A dethatcher is a small machine that looks almost like push lawnmowers. Some come as extensions that you can attach to a lawn mower. On the other hand, a power rake is a heavy-duty machine that removes large amounts of thatch from a lawn.
Dethatchers are suitable for less than half an inch of thatch while power rakes are suitable for more than half an inch of thatch. Power rakes can remove up to four times the amount of thatch a dethatcher can handle.
Pro tip: A power rake can be very unforgiving on your lawn. Try to do it early to allow your lawn to heal before going dormant.
What is power raking a lawn?
Power raking addresses a much more superficial problem in the lawn. Most homeowners power-rake in spring and also in the fall when they want to overseed their lawns.
The process of power raking removes a thick layer of dead grass matter or debris sitting right on top of the soil in your lawn. This layer prevents your lawn from breathing properly.
How does a power rake work
A power rake works by scouring the layer of debris on the lawn using flails that spin at a relatively high speed. The debris is loosened and picked up by the machine to leave the surface of the soil much more exposed than before.
Improper lawn mowing and poor watering techniques can make your lawn start to form a layer of dead grass slowly by slowly. Soon enough, you’ll notice your lawn starting to form a brown color underneath the grass leaves.
This brown layer of dead grass, clippings, and stolons becomes more prominent with time especially when you mow the lawn. This is when you need to power-rake the lawn because neglecting it for long will lead to an unhealthy layer of thatch in some cases.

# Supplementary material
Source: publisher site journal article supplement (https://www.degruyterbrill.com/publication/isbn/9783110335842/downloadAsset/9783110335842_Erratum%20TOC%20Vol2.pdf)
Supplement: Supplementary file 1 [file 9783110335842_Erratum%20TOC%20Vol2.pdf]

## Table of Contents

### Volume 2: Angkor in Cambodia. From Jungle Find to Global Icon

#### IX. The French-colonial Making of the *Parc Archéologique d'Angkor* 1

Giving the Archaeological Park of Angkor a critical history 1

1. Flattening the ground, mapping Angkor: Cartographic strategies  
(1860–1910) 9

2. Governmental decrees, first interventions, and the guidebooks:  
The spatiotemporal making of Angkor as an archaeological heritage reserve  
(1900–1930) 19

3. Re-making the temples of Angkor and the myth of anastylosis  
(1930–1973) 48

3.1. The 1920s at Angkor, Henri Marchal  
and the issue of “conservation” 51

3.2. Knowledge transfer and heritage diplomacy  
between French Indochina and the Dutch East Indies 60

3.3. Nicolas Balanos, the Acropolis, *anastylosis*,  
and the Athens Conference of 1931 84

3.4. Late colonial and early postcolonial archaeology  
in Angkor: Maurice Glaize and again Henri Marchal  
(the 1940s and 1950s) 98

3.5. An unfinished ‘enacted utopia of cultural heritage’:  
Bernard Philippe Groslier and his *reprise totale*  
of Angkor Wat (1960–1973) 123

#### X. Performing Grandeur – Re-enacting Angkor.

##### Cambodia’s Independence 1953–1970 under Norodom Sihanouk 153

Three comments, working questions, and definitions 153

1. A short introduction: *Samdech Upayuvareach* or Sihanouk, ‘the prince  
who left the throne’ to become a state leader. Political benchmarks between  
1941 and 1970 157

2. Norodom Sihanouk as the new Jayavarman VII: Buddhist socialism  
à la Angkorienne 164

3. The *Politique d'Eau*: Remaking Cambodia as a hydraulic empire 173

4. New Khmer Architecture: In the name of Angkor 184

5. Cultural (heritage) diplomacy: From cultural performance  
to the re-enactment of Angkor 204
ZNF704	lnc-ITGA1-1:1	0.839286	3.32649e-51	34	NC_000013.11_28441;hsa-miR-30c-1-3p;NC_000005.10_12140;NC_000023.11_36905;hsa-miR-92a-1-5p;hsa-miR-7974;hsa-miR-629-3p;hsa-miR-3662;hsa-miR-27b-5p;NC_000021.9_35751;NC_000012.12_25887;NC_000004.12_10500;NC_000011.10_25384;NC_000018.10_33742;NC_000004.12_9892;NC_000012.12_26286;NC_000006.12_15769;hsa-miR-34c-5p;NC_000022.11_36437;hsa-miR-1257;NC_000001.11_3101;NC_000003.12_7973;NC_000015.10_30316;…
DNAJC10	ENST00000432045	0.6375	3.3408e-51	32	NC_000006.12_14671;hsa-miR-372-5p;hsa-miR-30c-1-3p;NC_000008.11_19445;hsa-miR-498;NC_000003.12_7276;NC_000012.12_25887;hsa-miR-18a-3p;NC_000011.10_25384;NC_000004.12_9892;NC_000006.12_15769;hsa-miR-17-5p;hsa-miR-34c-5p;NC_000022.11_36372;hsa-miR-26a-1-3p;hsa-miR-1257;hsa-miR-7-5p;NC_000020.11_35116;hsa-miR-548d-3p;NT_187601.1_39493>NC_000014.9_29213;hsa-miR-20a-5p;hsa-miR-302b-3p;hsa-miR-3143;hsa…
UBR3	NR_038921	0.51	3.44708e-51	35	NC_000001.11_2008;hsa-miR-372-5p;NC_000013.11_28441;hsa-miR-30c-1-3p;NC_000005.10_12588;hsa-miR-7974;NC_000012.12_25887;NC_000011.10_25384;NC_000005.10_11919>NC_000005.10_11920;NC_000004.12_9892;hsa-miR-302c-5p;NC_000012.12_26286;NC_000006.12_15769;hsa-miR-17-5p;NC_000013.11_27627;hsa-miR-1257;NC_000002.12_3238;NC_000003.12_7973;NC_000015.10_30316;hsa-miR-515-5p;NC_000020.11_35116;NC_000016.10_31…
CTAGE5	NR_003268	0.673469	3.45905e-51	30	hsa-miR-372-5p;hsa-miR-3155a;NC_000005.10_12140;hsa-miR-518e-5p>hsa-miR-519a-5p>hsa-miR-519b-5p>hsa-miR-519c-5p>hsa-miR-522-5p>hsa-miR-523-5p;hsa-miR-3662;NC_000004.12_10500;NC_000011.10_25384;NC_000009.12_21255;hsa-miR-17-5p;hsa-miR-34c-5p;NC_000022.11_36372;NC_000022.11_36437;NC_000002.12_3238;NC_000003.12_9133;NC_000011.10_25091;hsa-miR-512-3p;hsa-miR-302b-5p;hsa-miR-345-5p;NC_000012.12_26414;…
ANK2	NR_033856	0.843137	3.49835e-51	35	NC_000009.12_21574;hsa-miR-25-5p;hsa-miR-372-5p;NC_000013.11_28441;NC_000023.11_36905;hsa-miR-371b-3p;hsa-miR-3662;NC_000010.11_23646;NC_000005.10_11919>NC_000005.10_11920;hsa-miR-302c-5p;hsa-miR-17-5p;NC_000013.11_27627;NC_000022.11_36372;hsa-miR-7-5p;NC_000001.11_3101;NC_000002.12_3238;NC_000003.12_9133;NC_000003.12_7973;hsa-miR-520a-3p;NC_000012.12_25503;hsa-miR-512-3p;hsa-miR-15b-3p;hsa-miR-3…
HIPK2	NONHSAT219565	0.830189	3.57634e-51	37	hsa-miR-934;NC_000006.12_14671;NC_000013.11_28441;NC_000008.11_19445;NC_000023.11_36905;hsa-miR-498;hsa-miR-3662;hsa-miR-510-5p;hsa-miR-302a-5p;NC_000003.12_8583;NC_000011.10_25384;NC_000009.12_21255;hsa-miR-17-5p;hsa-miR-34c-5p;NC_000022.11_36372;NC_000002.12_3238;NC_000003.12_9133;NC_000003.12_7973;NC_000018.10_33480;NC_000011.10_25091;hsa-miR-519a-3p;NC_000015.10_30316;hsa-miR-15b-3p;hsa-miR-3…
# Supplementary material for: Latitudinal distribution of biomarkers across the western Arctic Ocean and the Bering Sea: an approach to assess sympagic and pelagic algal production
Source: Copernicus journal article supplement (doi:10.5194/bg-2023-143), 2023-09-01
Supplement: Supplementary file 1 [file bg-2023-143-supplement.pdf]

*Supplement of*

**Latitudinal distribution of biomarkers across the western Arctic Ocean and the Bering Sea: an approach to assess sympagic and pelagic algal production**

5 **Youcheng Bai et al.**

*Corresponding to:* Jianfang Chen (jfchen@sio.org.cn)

How to use a power rake
A thin layer of debris is healthy especially if there are enough microorganisms breaking it down. However, if there’s too much of it, you might want to get rid of it.
Here’s how to use a power rake on your lawn:
- Check the lawn to make sure there’s more than ¼-inch of dead grass covering the soil.
- Set the deck on your power rake high and power it up.
- Run a test pass on the lawn to see how much thatch you can remove.
- Slowly lower the deck one notch at a time and power rake.
- Run the power rake all over the lawn in a systematic manner.
- Collect all the debris on the lawn using a lawn rake or a mower.
- Perform a second pass going in a different direction.
- Clean up the loosened-up debris.
If there are some spots that were not power-raked properly, use a thatch rake to clear up the the debris.
Pro tip: Lowering the deck of your power rake one notch at a time is a great way to prevent scalping your lawn or even removing the live grass in the thin lawn you’re already trying to restore. You don’t want to rip up the lawn when power raking it. Follow up the process with a lawn restoration fertilizer or a starter 10-10-10 fertilizer for overseeding.
Here’s a great video on power raking done by Pest and Lawn Ginja on YouTube.
When should I power rake my lawn?
The right time to power rake your lawn is when there’s a visibly thick layer of dead matter (debris) forming under the growth. Your lawn will have started appearing as though it has small brown patches all over it.
Here are the general rules of thumb on when to power rake:
- For cool season grasses: power rake in early fall or spring.
- For warm season grasses: power rake between late spring to early summer.
To make sure it is time to power rake, get down in the grass with your hand and fold up the grass as if you’re parting your hair. If you cannot see the soil because there’s a ⅛ to ¼-inch of debris sitting on the soil, it is definitely time to get rid of it by power raking.